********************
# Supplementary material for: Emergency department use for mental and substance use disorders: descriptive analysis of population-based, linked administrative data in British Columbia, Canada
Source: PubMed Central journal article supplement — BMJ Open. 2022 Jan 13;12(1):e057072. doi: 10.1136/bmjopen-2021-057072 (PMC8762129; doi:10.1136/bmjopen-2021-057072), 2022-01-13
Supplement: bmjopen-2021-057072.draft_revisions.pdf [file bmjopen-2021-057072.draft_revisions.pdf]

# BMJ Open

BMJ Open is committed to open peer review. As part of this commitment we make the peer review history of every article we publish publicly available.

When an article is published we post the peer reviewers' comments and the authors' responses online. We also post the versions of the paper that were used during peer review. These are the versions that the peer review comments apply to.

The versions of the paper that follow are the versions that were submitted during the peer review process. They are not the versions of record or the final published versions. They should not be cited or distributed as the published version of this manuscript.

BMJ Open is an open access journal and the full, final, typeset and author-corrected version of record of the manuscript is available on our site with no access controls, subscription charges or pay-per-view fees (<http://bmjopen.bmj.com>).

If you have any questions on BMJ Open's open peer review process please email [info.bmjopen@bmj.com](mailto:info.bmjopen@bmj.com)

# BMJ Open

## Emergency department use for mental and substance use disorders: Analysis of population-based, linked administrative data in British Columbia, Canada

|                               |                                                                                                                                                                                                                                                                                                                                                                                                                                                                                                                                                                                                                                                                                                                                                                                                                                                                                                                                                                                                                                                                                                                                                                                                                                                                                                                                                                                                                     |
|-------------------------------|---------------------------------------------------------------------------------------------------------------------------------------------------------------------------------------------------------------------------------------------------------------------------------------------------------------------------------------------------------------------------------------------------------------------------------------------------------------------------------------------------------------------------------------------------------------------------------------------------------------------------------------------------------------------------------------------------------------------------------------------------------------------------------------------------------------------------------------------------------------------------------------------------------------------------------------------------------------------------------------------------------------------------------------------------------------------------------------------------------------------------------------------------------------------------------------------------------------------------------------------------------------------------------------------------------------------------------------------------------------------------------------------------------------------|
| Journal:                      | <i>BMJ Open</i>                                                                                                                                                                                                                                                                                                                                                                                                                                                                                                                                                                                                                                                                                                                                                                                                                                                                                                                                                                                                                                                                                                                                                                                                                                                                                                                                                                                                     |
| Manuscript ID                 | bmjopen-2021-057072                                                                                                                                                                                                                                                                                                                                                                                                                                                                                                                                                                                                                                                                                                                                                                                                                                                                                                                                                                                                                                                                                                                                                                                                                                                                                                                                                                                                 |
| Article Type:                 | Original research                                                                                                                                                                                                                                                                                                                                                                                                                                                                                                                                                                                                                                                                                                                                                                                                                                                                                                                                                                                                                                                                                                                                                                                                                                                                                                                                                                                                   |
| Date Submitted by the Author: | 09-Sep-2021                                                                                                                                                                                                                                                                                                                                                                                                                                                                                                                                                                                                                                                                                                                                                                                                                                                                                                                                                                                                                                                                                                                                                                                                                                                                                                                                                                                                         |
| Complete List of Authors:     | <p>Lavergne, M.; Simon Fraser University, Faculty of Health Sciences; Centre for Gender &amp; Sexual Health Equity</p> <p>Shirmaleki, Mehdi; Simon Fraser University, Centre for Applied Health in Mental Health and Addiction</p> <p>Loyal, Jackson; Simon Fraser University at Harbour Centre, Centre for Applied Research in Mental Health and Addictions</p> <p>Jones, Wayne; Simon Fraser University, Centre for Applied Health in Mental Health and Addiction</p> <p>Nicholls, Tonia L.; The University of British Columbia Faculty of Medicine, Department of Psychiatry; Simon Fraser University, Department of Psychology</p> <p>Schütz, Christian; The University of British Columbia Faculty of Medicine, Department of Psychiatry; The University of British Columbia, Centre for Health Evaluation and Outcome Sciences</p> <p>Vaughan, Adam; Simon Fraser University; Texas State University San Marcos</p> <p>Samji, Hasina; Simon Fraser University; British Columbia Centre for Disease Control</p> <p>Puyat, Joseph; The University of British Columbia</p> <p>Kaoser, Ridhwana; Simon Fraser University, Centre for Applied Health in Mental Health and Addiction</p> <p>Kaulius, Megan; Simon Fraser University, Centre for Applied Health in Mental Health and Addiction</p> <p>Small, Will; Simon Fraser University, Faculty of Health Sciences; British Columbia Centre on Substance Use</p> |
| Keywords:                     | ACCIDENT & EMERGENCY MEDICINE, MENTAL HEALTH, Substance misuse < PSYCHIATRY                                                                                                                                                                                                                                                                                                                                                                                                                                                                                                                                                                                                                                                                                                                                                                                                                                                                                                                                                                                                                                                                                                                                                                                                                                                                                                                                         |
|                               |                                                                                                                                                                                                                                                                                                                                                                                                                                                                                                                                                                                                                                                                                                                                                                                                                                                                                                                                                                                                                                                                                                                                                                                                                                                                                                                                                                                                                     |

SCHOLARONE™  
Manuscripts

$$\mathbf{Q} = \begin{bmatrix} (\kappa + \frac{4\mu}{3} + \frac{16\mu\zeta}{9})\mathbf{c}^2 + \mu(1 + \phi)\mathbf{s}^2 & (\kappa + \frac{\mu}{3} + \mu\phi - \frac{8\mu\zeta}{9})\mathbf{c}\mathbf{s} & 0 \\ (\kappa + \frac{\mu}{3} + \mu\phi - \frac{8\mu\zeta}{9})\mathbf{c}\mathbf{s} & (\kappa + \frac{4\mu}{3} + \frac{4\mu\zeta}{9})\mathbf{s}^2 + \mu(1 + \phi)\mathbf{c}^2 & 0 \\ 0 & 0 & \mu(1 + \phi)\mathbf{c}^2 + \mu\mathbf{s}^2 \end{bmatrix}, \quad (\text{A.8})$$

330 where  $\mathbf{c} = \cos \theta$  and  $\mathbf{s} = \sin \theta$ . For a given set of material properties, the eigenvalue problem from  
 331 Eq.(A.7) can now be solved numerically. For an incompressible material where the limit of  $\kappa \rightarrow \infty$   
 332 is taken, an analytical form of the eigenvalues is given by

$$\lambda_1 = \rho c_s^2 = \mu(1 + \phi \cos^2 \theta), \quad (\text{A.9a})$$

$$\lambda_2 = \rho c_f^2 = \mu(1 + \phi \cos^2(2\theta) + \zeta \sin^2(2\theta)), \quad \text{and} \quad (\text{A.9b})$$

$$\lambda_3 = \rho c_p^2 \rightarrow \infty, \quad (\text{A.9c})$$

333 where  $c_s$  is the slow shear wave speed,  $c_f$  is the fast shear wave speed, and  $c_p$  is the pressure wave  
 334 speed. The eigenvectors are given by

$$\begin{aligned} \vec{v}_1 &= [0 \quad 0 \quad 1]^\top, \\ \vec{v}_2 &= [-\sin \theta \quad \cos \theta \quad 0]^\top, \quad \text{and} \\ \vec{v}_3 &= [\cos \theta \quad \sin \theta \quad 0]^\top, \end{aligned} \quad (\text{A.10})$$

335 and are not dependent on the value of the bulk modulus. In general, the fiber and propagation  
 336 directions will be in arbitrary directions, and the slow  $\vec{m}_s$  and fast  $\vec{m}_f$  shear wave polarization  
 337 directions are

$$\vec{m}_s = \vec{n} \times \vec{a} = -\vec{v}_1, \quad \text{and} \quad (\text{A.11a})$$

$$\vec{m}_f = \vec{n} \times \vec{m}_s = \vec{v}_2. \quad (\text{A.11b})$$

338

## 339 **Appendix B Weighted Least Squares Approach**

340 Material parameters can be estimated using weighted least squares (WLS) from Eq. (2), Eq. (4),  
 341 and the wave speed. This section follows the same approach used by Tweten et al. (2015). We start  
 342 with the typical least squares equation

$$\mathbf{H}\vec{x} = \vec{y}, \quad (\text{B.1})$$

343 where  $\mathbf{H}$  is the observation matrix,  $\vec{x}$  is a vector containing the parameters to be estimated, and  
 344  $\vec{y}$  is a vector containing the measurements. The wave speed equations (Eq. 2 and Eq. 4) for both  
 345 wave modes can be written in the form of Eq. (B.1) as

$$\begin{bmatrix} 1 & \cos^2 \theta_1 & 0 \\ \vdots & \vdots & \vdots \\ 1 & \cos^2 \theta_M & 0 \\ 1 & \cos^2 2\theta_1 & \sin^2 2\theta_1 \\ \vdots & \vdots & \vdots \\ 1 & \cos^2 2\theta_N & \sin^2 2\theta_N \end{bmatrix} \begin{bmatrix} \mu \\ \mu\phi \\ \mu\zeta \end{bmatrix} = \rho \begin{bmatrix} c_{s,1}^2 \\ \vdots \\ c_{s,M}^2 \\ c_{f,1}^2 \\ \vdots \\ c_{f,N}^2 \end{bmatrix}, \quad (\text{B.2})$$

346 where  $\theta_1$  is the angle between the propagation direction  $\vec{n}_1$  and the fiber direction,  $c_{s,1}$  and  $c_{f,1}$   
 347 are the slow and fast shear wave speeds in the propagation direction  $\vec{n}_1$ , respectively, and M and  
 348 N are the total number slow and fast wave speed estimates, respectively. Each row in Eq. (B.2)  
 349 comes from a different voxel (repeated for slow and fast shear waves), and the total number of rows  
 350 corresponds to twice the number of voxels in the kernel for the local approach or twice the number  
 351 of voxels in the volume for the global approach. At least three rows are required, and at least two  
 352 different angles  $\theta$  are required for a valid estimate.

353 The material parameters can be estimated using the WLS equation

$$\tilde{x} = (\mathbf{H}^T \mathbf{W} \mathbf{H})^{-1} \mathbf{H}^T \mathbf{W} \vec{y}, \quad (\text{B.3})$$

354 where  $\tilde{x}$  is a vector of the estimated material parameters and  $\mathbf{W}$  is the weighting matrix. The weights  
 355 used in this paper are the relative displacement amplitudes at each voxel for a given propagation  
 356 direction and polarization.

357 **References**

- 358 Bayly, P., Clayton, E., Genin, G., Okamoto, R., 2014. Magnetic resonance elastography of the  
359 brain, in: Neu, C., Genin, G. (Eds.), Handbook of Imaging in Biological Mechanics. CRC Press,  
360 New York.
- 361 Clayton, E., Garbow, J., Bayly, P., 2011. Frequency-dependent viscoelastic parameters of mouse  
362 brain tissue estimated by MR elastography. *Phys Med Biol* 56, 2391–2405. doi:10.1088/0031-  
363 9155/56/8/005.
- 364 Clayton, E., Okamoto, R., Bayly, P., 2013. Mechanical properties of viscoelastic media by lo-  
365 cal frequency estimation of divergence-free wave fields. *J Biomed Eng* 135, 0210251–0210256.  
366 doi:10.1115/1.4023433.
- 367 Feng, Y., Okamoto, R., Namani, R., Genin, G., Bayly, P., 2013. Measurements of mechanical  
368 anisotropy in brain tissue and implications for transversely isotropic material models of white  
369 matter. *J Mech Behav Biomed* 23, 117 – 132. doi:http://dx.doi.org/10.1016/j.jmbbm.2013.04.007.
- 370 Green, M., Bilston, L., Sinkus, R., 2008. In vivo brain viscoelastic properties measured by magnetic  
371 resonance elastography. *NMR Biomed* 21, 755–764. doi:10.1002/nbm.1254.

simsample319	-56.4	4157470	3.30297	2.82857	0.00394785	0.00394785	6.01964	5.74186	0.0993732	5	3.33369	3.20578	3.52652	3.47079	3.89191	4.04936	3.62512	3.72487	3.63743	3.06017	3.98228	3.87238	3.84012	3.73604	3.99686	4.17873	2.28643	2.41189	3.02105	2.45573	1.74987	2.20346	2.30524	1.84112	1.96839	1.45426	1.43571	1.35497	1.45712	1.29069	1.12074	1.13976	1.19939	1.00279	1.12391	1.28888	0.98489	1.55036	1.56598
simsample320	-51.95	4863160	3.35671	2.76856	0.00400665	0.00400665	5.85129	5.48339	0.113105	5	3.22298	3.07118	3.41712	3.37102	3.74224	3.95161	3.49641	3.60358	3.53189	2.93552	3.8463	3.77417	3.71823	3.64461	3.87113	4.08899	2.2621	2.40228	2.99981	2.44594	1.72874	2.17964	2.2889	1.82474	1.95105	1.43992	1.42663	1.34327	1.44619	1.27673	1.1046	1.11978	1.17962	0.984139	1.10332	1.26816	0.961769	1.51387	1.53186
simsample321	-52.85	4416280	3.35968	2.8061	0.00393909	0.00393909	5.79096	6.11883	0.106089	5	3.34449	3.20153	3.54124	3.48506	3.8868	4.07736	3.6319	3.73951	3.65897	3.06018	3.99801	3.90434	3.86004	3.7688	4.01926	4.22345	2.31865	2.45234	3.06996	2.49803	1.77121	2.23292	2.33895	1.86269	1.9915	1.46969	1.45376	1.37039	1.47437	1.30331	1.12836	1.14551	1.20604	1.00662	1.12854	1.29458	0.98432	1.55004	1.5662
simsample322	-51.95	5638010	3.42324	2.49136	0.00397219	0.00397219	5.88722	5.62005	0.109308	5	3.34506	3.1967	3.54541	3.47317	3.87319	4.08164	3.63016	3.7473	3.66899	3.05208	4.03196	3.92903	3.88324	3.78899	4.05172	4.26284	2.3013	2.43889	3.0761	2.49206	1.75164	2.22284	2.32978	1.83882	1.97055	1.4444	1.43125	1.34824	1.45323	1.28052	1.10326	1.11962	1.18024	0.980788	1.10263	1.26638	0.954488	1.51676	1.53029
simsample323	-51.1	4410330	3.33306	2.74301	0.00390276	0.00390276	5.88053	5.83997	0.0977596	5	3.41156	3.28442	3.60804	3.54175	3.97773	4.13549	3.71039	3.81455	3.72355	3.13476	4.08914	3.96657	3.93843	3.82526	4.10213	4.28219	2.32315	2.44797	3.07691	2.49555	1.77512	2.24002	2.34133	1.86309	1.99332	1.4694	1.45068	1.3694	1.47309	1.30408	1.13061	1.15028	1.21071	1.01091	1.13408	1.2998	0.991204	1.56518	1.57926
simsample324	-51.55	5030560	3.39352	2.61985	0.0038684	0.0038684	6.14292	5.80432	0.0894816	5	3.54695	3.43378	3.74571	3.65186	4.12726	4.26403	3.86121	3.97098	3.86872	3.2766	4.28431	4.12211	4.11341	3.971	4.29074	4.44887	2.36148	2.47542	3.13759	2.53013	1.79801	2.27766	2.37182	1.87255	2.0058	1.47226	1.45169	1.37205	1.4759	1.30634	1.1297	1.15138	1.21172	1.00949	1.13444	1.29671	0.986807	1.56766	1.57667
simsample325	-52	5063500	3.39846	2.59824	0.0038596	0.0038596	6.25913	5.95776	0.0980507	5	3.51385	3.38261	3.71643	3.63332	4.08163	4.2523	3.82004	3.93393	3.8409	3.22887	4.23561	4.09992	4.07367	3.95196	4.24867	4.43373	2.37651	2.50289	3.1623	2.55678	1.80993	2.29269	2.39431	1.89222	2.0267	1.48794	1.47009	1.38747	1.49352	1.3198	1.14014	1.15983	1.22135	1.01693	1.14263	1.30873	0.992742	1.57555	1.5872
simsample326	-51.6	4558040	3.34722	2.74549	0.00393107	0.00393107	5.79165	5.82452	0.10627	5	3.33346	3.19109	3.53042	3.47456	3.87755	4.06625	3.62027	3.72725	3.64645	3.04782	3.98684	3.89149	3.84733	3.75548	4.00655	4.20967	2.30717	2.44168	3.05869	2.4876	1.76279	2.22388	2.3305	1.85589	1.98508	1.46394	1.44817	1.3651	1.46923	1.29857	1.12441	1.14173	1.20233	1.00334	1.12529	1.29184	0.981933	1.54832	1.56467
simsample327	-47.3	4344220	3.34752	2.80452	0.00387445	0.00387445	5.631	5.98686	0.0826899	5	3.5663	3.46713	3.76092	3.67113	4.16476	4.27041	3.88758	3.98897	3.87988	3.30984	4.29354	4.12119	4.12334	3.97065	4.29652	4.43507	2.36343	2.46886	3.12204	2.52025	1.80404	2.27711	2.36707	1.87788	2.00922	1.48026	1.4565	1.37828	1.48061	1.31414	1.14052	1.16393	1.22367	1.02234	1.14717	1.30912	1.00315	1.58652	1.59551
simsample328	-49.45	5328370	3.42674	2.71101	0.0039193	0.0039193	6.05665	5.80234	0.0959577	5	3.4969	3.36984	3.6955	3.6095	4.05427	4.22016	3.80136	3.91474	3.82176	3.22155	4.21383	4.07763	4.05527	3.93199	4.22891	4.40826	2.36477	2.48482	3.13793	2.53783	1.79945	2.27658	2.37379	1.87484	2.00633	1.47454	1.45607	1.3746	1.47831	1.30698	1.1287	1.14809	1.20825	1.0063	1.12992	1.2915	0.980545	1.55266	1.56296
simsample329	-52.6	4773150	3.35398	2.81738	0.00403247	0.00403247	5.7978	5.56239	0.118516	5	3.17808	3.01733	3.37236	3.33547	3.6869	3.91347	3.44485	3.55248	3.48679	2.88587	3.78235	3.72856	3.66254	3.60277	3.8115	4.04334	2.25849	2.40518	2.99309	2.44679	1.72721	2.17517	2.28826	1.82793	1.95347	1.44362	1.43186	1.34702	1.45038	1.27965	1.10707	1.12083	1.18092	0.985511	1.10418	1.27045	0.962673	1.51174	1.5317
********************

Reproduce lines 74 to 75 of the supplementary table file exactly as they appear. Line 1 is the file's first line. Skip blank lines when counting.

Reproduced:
371 resonance elastography. *NMR Biomed* 21, 755–764. doi:10.1002/nbm.1254.

simsample319	-56.4	4157470	3.30297	2.82857	0.00394785	0.00394785	6.01964	5.74186	0.0993732	5	3.33369	3.20578	3.52652	3.47079	3.89191	4.04936	3.62512	3.72487	3.63743	3.06017	3.98228	3.87238	3.84012	3.73604	3.99686	4.17873	2.28643	2.41189	3.02105	2.45573	1.74987	2.20346	2.30524	1.84112	1.96839	1.45426	1.43571	1.35497	1.45712	1.29069	1.12074	1.13976	1.19939	1.00279	1.12391	1.28888	0.98489	1.55036	1.56598